At the time this is being written (10:45 p.m. ET March 29), the top five most popular rates on our site are floating rates. It’s the first time we’ve seen this in weeks. And those numbers are based on tens of thousands of visitor clicks.
Given that fixed rates usually dominate, what does this suggest? Well, among other things, it tells us that:
(A) people aren’t overly worried about higher rates, despite rising inflation risk and market projections of up to 200 bps of rate tightening over the next five years,
(B) many variable fan’s cannot readily do the math to know what 100+ bps of rate hikes would cost them, relative to a 5-year fixed
(C) people really like rates in the low 1s and are willing to gamble, or feel they have to gamble because of financial pressure.
“Prediction is very difficult. Especially about the future.”
All we need to know is what rates will average over the next five years. Then the term decision is easy.
Knowing that variable rates would average more than a 5-year fixed through 2026, for example, would make a fair-penalty 5-year fixed quite appealing.
Too bad that few on earth can even credibly guess the path of rates five years into the future—at least with any consistent accuracy.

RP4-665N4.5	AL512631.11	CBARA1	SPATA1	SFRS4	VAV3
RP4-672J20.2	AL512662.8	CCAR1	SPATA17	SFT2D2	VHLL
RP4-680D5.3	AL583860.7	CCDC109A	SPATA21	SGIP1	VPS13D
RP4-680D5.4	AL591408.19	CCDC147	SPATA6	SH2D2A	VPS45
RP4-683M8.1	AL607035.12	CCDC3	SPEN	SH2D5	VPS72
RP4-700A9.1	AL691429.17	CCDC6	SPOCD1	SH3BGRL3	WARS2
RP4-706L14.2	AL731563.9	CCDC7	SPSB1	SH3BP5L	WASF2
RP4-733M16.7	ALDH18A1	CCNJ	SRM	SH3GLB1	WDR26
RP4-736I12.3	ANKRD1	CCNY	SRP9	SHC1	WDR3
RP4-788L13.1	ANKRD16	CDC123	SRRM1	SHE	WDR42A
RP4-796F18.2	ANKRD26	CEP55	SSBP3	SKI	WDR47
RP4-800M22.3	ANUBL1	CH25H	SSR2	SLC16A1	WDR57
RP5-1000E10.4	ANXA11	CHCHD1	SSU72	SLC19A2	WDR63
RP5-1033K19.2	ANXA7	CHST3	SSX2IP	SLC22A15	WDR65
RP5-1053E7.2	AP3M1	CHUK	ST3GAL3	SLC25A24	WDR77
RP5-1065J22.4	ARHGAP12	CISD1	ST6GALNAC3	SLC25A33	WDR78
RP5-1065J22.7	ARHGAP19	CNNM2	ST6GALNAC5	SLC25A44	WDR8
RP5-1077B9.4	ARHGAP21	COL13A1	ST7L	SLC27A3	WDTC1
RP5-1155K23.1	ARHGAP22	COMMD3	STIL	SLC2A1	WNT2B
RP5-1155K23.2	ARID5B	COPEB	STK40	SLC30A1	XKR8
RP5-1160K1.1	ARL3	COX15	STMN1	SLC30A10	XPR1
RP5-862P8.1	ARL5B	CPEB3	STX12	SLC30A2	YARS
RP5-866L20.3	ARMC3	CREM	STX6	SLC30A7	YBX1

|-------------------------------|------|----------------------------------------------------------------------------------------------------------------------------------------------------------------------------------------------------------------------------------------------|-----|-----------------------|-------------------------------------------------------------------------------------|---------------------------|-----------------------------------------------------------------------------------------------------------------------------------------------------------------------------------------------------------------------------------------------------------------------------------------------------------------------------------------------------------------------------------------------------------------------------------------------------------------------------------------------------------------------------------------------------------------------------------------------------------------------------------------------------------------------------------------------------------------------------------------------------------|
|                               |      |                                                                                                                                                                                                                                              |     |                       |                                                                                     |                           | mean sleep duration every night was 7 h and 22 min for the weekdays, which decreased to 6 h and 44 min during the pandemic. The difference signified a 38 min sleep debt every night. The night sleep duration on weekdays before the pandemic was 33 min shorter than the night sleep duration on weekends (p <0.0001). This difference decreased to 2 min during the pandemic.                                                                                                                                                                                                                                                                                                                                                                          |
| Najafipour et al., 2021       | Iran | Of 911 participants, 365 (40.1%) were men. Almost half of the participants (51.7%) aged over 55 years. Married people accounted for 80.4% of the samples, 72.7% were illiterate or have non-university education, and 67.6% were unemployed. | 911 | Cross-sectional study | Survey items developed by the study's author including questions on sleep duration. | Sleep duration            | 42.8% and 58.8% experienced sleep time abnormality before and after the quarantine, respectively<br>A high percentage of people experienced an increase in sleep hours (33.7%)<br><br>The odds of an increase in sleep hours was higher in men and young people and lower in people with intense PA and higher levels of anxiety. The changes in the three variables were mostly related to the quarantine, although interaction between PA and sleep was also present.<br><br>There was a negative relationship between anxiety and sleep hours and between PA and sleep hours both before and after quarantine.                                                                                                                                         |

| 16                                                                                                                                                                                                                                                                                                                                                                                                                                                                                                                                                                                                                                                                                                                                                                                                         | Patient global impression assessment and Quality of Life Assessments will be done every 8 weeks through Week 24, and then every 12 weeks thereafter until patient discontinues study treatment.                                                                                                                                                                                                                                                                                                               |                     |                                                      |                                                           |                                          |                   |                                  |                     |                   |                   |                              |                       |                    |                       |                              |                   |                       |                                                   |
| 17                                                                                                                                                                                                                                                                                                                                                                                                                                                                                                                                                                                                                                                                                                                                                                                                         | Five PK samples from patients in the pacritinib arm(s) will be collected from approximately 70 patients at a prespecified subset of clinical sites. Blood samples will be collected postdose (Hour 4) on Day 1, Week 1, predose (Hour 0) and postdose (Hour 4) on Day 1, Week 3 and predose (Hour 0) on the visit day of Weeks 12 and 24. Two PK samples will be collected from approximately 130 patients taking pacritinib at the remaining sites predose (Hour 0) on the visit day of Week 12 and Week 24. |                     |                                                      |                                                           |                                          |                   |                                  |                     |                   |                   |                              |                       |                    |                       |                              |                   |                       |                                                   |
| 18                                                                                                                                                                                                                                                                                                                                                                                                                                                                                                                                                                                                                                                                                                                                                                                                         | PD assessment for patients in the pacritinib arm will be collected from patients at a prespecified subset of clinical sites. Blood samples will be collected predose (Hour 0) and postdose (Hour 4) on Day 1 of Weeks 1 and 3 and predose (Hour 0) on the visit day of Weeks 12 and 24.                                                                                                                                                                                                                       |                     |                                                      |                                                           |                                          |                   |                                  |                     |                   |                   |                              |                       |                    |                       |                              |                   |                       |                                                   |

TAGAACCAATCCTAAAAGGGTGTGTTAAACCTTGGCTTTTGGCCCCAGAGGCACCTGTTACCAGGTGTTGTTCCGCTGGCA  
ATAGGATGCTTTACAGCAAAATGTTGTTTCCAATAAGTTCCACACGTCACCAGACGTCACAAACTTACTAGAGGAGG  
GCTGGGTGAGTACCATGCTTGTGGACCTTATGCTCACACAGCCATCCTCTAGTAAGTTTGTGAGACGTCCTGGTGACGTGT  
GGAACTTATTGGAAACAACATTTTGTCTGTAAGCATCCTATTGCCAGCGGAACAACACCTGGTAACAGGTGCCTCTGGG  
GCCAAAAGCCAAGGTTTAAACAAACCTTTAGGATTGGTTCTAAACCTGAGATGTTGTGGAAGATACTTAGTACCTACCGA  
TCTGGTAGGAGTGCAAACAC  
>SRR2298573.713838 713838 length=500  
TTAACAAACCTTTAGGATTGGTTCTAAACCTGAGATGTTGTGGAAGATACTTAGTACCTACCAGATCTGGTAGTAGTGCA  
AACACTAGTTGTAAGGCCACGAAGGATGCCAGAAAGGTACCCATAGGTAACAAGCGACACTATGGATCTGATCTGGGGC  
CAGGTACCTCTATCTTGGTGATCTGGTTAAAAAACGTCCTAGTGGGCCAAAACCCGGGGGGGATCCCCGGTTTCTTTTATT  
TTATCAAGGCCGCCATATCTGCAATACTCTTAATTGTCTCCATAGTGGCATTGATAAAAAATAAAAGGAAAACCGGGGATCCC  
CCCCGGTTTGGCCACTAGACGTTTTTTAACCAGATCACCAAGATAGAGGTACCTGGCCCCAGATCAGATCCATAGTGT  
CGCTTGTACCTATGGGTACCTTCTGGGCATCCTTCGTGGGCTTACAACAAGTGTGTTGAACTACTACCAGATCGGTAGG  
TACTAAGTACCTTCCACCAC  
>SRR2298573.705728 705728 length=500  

That unfortunate fact means borrowers have to rely on other things to choose a mortgage term, like:
- their financial comfort level
- their 5-year plan
- the probability that the next Bank of Canada rate change is likely an increase
- the fact that the market itself, which is practically the best rate predictor (albeit fallible), is pricing in more than five rate hikes by 2023.
Karl Schroeder has an insight way back that’s even more applicable than Niels Bohr’s quote, above. He said, “Foresight is not about predicting the future, it’s about minimizing surprise.” In this context that means: don’t guess on rates, manage risk.
If you’re a student of historical rate trends, you’ll likely agree that the risk-reward of floating-rate mortgages is currently unfavourable. But many folks out there remain pro-variable, even with the Bank of Canada assuring us that rates are at the “effective lower bound” and with GDP estimates surging. We’d be the last to say those folks are wrong, assuming they can easily bear the risk of being wrong.
Fortunately, financially secure borrowers are stress tested by lenders at much higher rates. If you’re one of those borrowers and you want to take a leap on a floating rate in the low 1s, then our data confirms one thing: you’ll have lots of company.
This & That
- Among homebuyers, 77% took mortgages with fixed rates last year
- Lenders across the market are reporting record mortgage volumes. Those lenders with the lowest rates are (not surprisingly) even busier. Approval times are longer than normal as a result, so if you have a financing condition/deadline, be sure to ask your mortgage advisor if they’re confident they can get your approval back in time.
- Big-Bank 5-year fixed rates are back above the psychological 2% threshold.
- “The near-term outlook is grim for homebuyers,” says RBC.
- Fitch estimates that “Vancouver and Toronto are currently overvalued by 23% and 32%, respectively,” for what that’s worth.